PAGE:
A client once told me she changes careers every seven years. It keeps her challenged and stimulated and in a constant state of learning and growing.
Ignorance: Ignorance of boredom burnout is carried home at the end of the day and often appears as languishing or bordering on the blues, which can lead to depression.
They may love what they do but no longer find it challenging or stimulating. Their work is easy and not stimulating.
This type of burnout is most painful because the person knows they are completely unhappy in what they’re doing. Yet, they also don’t see it as burnout. Instead, they see it as boredom and are unmotivated to seek out the change they want for themselves.
Working with a burnout coach helps this person tap into where they once were motivated and happy and supports them in channeling that energy into positive change.
Denial: Denial of boredom burnout breaks my heart the most. This is more common in those who believe they should be taking care of everyone else before themselves.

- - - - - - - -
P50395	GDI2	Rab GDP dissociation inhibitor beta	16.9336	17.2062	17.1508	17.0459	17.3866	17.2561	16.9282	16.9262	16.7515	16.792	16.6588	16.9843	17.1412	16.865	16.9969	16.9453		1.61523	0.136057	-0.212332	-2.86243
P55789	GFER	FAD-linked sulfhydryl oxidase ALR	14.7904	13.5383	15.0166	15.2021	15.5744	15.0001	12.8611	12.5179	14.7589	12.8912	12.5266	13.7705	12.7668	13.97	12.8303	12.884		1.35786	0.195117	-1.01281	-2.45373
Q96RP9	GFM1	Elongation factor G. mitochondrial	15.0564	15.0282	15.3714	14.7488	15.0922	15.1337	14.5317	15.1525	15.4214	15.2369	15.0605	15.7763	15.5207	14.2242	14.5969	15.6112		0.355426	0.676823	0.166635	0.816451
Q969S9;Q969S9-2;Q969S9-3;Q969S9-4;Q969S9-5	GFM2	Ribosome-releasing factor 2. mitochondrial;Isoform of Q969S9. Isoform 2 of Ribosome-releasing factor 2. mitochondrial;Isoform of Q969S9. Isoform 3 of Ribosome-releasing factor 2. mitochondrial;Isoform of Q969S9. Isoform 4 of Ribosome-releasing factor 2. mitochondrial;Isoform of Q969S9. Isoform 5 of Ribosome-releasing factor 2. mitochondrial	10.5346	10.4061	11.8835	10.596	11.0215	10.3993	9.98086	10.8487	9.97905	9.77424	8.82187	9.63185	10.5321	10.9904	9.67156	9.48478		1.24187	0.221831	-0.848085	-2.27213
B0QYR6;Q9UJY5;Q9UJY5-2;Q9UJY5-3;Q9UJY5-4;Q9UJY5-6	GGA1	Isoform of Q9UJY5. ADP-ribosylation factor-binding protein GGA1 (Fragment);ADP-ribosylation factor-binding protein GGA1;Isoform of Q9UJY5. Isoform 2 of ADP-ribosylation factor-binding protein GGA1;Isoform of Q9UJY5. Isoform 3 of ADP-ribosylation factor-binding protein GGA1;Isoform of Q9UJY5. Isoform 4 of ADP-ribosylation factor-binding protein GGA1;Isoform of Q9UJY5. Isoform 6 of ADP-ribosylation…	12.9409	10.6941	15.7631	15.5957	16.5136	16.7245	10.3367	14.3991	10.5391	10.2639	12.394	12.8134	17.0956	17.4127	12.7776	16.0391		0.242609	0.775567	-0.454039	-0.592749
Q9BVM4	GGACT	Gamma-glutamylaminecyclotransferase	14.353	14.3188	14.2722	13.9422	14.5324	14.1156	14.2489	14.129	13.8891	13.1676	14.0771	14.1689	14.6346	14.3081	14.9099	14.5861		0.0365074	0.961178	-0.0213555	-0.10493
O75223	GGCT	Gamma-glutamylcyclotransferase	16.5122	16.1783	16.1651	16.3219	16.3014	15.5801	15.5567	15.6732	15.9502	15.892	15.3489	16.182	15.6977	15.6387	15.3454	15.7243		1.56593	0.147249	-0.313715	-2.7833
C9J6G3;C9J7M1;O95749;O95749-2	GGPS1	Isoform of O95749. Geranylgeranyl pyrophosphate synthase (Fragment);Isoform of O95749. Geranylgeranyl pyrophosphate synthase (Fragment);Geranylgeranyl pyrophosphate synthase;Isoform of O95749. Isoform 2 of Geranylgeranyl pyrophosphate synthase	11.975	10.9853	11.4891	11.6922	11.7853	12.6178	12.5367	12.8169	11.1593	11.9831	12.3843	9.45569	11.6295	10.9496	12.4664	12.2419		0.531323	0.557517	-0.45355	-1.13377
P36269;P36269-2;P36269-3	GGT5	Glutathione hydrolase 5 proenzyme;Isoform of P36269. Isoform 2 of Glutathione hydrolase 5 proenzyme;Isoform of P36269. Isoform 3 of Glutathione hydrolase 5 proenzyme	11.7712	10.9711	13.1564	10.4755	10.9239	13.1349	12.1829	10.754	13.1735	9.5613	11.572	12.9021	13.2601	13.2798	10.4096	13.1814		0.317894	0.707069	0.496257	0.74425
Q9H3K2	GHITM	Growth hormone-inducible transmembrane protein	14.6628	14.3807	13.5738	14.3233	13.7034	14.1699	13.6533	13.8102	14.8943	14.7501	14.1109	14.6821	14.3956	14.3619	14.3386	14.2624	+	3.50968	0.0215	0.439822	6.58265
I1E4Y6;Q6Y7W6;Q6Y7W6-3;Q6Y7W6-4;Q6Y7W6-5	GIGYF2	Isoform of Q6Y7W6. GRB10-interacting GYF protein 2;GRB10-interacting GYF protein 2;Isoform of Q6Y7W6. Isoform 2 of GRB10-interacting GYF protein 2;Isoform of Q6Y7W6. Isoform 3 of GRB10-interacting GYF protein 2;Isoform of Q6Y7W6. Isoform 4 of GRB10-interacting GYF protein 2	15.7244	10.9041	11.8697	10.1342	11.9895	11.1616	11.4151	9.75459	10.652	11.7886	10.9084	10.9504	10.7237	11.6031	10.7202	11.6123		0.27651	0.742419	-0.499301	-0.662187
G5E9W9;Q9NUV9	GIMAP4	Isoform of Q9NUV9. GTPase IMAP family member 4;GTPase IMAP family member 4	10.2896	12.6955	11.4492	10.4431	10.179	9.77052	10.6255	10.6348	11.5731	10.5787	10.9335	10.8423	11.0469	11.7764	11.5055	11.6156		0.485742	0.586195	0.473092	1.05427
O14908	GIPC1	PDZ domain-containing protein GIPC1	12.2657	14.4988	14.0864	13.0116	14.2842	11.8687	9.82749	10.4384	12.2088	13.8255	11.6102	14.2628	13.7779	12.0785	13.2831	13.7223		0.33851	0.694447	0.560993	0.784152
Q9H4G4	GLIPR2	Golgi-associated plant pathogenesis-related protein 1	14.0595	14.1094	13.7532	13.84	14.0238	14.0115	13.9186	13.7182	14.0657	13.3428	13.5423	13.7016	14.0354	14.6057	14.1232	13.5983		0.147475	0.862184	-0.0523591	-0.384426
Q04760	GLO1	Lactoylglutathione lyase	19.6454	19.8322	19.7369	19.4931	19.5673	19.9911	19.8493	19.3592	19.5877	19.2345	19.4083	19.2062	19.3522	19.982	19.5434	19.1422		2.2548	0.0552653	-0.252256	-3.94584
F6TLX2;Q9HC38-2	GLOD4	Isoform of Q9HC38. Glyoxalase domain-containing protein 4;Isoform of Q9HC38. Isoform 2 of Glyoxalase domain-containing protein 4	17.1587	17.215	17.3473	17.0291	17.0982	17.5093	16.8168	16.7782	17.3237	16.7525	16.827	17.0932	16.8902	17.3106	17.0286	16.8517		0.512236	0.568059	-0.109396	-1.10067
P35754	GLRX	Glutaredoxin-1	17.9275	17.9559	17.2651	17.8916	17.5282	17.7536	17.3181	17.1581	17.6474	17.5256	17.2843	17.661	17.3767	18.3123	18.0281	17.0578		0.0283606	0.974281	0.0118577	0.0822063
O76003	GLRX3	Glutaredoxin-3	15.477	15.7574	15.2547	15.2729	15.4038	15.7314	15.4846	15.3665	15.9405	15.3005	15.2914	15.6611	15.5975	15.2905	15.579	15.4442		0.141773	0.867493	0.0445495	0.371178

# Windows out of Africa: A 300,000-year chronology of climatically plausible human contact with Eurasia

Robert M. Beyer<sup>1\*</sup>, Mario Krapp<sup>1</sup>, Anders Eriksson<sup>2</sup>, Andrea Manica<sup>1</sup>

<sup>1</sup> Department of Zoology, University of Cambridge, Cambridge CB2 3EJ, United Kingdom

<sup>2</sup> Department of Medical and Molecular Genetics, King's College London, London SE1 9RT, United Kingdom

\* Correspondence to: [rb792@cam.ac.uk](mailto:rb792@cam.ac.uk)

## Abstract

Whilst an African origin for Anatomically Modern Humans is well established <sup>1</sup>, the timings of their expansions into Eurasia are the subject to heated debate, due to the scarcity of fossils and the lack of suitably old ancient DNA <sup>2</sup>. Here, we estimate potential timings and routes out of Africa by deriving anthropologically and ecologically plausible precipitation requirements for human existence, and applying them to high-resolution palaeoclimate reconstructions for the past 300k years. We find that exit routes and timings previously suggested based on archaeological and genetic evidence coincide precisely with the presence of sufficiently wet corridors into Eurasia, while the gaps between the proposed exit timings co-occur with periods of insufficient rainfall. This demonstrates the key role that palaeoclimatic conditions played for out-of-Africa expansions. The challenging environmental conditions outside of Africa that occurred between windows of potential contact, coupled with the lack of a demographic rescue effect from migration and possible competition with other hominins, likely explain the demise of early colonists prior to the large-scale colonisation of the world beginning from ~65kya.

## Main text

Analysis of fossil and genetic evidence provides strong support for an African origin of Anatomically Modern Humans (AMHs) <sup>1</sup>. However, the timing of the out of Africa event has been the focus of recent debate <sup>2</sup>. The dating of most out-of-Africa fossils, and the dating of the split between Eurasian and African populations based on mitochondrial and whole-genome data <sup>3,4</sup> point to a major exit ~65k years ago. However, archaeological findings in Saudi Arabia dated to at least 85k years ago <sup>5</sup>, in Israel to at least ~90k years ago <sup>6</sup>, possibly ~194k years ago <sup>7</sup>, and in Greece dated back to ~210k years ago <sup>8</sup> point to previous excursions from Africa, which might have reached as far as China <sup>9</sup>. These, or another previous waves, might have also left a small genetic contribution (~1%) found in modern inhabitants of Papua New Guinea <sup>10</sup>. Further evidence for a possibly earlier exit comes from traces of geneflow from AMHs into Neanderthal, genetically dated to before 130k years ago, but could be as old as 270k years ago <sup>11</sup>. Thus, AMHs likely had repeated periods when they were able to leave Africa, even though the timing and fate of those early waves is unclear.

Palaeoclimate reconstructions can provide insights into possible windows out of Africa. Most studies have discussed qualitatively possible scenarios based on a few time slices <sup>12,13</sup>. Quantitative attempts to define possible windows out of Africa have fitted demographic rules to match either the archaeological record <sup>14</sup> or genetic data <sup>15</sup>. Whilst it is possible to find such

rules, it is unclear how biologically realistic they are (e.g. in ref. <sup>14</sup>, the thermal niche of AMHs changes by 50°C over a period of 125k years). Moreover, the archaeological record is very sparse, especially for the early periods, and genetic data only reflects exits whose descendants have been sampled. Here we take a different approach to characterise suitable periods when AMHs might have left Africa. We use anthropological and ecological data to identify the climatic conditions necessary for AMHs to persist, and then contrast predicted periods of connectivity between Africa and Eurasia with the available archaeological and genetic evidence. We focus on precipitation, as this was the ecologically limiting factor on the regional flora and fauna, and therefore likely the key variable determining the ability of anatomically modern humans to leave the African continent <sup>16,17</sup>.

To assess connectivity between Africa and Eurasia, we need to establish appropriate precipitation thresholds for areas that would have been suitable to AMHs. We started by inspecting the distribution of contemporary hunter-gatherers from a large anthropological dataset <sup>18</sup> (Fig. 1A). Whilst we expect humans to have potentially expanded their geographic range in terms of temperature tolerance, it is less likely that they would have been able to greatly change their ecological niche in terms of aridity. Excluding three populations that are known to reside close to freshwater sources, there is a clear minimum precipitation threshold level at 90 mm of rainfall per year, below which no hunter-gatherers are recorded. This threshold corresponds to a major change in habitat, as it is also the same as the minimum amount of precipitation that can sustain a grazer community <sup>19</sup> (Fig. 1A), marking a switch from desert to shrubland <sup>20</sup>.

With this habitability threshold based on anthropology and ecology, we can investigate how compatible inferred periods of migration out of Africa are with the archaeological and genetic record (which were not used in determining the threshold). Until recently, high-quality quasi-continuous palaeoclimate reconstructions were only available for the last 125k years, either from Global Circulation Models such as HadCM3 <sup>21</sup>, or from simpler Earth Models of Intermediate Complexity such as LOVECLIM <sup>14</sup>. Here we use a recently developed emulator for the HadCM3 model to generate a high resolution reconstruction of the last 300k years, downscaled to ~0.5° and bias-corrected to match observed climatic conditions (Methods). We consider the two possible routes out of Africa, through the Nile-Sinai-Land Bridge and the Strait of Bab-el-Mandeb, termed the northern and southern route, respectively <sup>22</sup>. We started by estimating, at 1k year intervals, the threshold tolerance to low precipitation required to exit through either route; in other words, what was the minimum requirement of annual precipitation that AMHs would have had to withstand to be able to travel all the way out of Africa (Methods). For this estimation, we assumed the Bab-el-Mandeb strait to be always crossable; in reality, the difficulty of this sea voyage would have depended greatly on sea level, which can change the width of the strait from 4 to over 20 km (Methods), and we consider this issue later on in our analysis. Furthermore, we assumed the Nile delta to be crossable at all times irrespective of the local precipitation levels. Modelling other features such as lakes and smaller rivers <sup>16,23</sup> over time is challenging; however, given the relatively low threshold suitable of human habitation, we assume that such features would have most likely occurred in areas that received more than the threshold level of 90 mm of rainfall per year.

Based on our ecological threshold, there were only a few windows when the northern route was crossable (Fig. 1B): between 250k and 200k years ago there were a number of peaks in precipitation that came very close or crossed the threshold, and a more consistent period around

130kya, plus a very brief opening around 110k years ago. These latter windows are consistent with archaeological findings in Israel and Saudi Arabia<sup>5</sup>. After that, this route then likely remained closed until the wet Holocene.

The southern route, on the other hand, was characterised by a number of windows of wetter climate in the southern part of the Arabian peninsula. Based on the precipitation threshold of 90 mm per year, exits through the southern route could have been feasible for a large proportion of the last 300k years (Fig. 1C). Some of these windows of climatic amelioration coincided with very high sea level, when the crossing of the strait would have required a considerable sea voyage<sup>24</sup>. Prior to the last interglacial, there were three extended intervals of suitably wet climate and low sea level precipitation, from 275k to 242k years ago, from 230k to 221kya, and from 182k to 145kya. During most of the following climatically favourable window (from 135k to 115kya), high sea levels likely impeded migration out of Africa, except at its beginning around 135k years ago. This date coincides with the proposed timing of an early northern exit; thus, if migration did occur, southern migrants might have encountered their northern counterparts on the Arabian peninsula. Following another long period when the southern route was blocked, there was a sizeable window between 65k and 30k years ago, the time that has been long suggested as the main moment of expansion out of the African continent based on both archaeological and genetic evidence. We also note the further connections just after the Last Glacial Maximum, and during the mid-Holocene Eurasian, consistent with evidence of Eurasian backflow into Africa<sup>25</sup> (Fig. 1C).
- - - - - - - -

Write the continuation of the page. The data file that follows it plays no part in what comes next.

You know the saying, put your own oxygen mask on first before helping the child next to you? These people struggle to do this. They carry a ton of guilt and have very limited (if any) boundaries.
The concept of putting themselves first or that they matter is totally foreign, and they fight tooth and nail to avoid conflict by always giving in and taking on more than they should.
Coaching is accessible to all.
With all these types of burnout, which one resonates with you the most?
It is now being recognized that everyone can benefit from coaching, especially to avoid or manage burnout, no matter what your life looks like. Fortunately, there are many new and affordable platforms out there such as BetterUp or Noomii for anyone who wants to explore the transformational impact coaching can have in improving their lives.